DALLAS — By this time next year, officials hope the Juanita Craft Civil Rights House and Museum will reopen for visitors looking to learn more about its history. The city’s historical landmark is set to receive much-needed renovations, which the Junior League of Dallas continues to raise money to support.

What You Need To Know

  • Juanita Craft was a civil rights leader in Texas who fought for integration, equal pay, and health care for Black and brown people. She helped to integrate the Texas State Fair and two universities in the state

  • The Junior League of Dallas selected the Juanita Craft Civil Rights House and Museum as its centennial project and will cover the remaining costs to complete the renovation of the home

  • The Juanita Craft Civil Rights House and Museum is set to reopen in spring 2022 

“We’ve got a great network of folks that we work with and we’re trying to focus on individuals and foundations that would be interested in a project like this,” said Elizabeth Dacus, Junior League of Dallas president. “Obviously, we raise money for other things as well and so we’re trying to match the right donor with the right project.”

For its centennial celebration, the non-profit organization decided that the Juanita Craft Civil Rights House and Museum was the perfect project to back. The work on the house is set to begin in the fall. 

“It focuses on a woman, it focuses on the history of Dallas, it focuses on a largely untold story and we also saw just a great benefit that this is going to have for the whole community, particularly young people and the opportunity to learn about Ms. Craft’s life, learn about what she did, and what a change maker she was right here in our own community,” said Dacus.

Before her death in 1985, Craft worked to improve the conditions of Black and brown people across the state. According to records, she played a role in the integration of the Texas State Fair along with universities, theaters, restaurants, and lunch counters.

She also made history as the first Black woman deputized as a poll tax collector. Her work in the state consisted of mobilizing more than 180 National Association for the Advancement of Colored People chapters, advocating for civil rights issues, including equal pay and health care. Additionally, she served on the Dallas City Council.

“Her legacy is just bar none superior in our area for what she did for civil rights as a local person and for the state is just revered even today,” said Sarah Jackson, Junior League of Dallas centennial project chair.

In 1950, the Round Rock native moved to the Craftsman Bungalow-style home at 2618 Warren Avenue in South Dallas. At the time, the area was characterized as one filled with racial tension, including at least 11 bombings from 1950-1951, per the Juanita Craft Civil Rights House and Museum’s website.

Not only did she turn her home into an educational setting for youth, but also a meeting place for leaders. Civil rights icons such as Martin Luther King, Jr., Thurgood Marshall, and Presidents Lyndon B. Johnson and Jimmy Carter and his wife, Rosalyn Carter were seen visiting the home.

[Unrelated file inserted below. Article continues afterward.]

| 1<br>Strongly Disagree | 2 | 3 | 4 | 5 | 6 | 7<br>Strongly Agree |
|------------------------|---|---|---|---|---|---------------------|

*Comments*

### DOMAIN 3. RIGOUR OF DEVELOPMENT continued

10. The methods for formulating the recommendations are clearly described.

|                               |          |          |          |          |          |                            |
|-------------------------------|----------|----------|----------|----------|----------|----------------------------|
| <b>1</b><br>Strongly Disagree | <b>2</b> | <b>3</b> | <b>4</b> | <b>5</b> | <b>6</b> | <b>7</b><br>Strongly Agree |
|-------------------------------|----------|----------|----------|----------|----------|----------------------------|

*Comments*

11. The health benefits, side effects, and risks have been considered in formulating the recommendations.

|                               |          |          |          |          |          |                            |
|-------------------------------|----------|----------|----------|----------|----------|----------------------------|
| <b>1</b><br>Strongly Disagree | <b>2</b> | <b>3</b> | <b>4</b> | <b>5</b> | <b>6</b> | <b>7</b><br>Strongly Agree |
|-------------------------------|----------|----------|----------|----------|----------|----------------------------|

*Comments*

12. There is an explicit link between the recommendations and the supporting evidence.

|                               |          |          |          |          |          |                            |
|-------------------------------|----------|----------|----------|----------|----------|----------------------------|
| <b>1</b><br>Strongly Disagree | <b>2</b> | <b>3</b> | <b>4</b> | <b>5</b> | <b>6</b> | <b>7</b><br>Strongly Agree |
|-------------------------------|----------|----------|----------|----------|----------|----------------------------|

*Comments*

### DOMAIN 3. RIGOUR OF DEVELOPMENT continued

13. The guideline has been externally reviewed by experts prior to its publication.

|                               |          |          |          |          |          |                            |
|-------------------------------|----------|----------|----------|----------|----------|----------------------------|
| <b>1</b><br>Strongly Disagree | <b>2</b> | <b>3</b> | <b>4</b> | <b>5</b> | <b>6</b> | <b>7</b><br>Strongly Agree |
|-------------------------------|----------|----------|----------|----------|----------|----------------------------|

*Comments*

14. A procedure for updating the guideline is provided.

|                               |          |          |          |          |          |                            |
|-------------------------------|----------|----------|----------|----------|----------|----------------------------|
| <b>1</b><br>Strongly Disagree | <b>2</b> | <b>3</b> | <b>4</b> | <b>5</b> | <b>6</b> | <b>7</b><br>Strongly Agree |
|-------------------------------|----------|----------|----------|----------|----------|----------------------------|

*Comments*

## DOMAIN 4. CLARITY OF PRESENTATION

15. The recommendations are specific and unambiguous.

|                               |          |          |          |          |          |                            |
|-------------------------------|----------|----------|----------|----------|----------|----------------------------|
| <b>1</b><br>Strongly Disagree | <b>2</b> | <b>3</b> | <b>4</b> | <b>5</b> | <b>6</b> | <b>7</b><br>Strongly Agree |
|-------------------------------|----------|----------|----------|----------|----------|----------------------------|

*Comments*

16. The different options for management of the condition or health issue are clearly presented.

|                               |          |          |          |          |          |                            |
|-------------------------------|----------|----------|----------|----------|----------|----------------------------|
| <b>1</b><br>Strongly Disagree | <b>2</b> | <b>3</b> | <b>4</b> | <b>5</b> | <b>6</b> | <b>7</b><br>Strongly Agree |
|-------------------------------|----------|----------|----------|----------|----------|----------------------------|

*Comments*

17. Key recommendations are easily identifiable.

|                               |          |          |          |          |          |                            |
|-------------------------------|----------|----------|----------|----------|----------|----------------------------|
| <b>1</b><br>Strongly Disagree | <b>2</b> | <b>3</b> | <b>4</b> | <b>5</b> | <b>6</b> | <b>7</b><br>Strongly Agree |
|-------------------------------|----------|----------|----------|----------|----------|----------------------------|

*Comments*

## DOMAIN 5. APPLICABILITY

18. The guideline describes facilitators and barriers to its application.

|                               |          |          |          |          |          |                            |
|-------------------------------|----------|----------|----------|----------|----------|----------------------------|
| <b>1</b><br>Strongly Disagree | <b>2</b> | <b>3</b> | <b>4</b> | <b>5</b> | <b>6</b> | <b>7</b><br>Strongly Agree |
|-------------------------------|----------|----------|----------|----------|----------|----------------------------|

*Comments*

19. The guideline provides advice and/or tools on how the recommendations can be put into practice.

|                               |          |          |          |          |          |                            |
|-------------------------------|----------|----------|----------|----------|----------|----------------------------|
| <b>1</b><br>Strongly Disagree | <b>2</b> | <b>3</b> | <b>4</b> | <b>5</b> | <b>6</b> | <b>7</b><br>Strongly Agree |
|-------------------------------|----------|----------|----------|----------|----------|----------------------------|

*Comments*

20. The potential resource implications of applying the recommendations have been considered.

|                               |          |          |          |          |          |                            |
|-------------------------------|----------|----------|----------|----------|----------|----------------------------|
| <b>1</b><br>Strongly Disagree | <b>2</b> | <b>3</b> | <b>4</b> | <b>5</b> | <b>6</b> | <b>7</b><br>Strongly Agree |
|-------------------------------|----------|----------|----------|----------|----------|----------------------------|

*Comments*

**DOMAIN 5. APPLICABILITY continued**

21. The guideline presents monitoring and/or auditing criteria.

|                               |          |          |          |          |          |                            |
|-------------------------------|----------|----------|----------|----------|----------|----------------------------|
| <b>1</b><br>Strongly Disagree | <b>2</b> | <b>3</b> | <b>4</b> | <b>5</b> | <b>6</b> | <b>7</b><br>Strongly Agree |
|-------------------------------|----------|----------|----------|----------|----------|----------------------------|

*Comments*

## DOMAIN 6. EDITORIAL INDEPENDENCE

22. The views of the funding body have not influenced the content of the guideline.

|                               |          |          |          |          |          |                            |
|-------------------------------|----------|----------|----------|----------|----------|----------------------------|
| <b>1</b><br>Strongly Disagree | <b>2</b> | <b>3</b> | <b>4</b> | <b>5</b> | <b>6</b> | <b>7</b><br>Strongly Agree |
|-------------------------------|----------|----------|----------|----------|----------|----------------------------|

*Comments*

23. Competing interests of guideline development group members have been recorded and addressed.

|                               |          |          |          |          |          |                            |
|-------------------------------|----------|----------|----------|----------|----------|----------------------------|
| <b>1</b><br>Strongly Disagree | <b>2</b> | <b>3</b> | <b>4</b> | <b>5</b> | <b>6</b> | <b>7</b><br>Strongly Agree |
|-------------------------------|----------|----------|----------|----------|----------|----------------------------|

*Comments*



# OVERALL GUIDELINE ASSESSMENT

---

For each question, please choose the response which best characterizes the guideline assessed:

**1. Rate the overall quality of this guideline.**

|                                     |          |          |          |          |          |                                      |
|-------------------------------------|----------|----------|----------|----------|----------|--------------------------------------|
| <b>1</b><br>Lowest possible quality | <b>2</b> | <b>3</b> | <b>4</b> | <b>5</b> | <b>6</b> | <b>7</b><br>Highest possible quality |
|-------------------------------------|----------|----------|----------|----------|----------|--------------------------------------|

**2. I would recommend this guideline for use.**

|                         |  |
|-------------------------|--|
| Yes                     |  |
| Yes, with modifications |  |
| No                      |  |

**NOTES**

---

Representing the core values of the Junior League of Dallas today, the Juanita Craft Civil Rights House and Museu, proved to be the perfect venture.

“It’s always important to us to lift up woman and, secondly, lift up women in our community and to show and embrace the diversity in our community that sometimes isn’t always recognized,” said Dacus. “It’s very important to us to show that and to show the Junior League is just here to support the Dallas community.”

In 2018, pipes in the home burst, causing a setback to renovation efforts due to extensive water damage. The Junior League of Dallas penned an op-ed in The Dallas Morning News last year detailing the non-profit organization’s “strong conviction” to use its 100-year anniversary as a chance to honor a “women who played an integral role in shaping” Dallas.

At that time, the estimated cost of the restoration totaled $1.4 million, of which the city and other community organizations had raised $750,000. The Junior League will cover the remaining costs to complete the restoration.

Dacus declined to provide a current total of its fundraising efforts to date, noting the work to raise money continues. Back in January, the Dallas City Council unanimously approved a $50,000 grant from the Hillcrest Foundation to go toward the project.

“I think it just puts a stamp of approval on what we’re doing,” said Dacus. “We knew this was a great project. We’ve always known it was a great project, but to kind of have that extra level of supporting knowing that everyone is behind this project is incredibly meaningful.”

Along with helping to renovate the house, officials hope to get it listed as an official stop on the United States Civil Rights Trail, making it the first in the state. Additionally, the home will become a Texas Education Commission certified facility for teaching students across the state.

“I was three-years-old when Ms. Craft died, so unfortunately I never got to meet her, but her legacy is really timeless,” Jackson said. “What she did in her time was so forward thinking and it really helped moved the needle for people of color – for Black people in particular in this area and in our state.

“I think where we are as a nation for this group of women leaders to be able to bring this legacy alive today is amazing and we really hope that people will be able to see and not only understand Ms. Craft, but also understand how her legacy speaks to so many partners and organizations in the city.”